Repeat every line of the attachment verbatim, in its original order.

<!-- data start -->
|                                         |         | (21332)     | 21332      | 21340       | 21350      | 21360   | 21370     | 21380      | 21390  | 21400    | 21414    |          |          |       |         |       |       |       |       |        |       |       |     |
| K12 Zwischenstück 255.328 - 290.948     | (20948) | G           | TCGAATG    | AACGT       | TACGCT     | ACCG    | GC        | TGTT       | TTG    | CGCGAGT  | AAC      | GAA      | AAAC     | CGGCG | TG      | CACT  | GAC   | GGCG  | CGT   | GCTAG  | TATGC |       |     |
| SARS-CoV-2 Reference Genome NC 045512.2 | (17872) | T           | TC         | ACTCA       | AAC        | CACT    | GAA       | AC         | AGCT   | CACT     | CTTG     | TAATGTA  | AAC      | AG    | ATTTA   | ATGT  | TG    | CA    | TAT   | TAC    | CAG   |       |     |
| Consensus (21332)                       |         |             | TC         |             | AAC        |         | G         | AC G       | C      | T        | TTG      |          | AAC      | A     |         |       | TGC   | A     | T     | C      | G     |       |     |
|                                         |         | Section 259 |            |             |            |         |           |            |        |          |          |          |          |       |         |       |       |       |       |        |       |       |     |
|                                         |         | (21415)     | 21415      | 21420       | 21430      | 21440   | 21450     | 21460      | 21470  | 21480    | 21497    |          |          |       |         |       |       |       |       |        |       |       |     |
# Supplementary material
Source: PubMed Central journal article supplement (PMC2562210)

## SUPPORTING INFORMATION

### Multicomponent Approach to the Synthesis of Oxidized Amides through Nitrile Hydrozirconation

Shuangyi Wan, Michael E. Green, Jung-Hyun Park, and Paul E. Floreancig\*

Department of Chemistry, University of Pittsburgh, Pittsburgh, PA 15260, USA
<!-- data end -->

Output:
|                                         |         | (21332)     | 21332      | 21340       | 21350      | 21360   | 21370     | 21380      | 21390  | 21400    | 21414    |          |          |       |         |       |       |       |       |        |       |       |     |
| K12 Zwischenstück 255.328 - 290.948     | (20948) | G           | TCGAATG    | AACGT       | TACGCT     | ACCG    | GC        | TGTT       | TTG    | CGCGAGT  | AAC      | GAA      | AAAC     | CGGCG | TG      | CACT  | GAC   | GGCG  | CGT   | GCTAG  | TATGC |       |     |
| SARS-CoV-2 Reference Genome NC 045512.2 | (17872) | T           | TC         | ACTCA       | AAC        | CACT    | GAA       | AC         | AGCT   | CACT     | CTTG     | TAATGTA  | AAC      | AG    | ATTTA   | ATGT  | TG    | CA    | TAT   | TAC    | CAG   |       |     |
| Consensus (21332)                       |         |             | TC         |             | AAC        |         | G         | AC G       | C      | T        | TTG      |          | AAC      | A     |         |       | TGC   | A     | T     | C      | G     |       |     |
|                                         |         | Section 259 |            |             |            |         |           |            |        |          |          |          |          |       |         |       |       |       |       |        |       |       |     |
|                                         |         | (21415)     | 21415      | 21420       | 21430      | 21440   | 21450     | 21460      | 21470  | 21480    | 21497    |          |          |       |         |       |       |       |       |        |       |       |     |
# Supplementary material
Source: PubMed Central journal article supplement (PMC2562210)

## SUPPORTING INFORMATION

### Multicomponent Approach to the Synthesis of Oxidized Amides through Nitrile Hydrozirconation

Shuangyi Wan, Michael E. Green, Jung-Hyun Park, and Paul E. Floreancig\*

Department of Chemistry, University of Pittsburgh, Pittsburgh, PA 15260, USA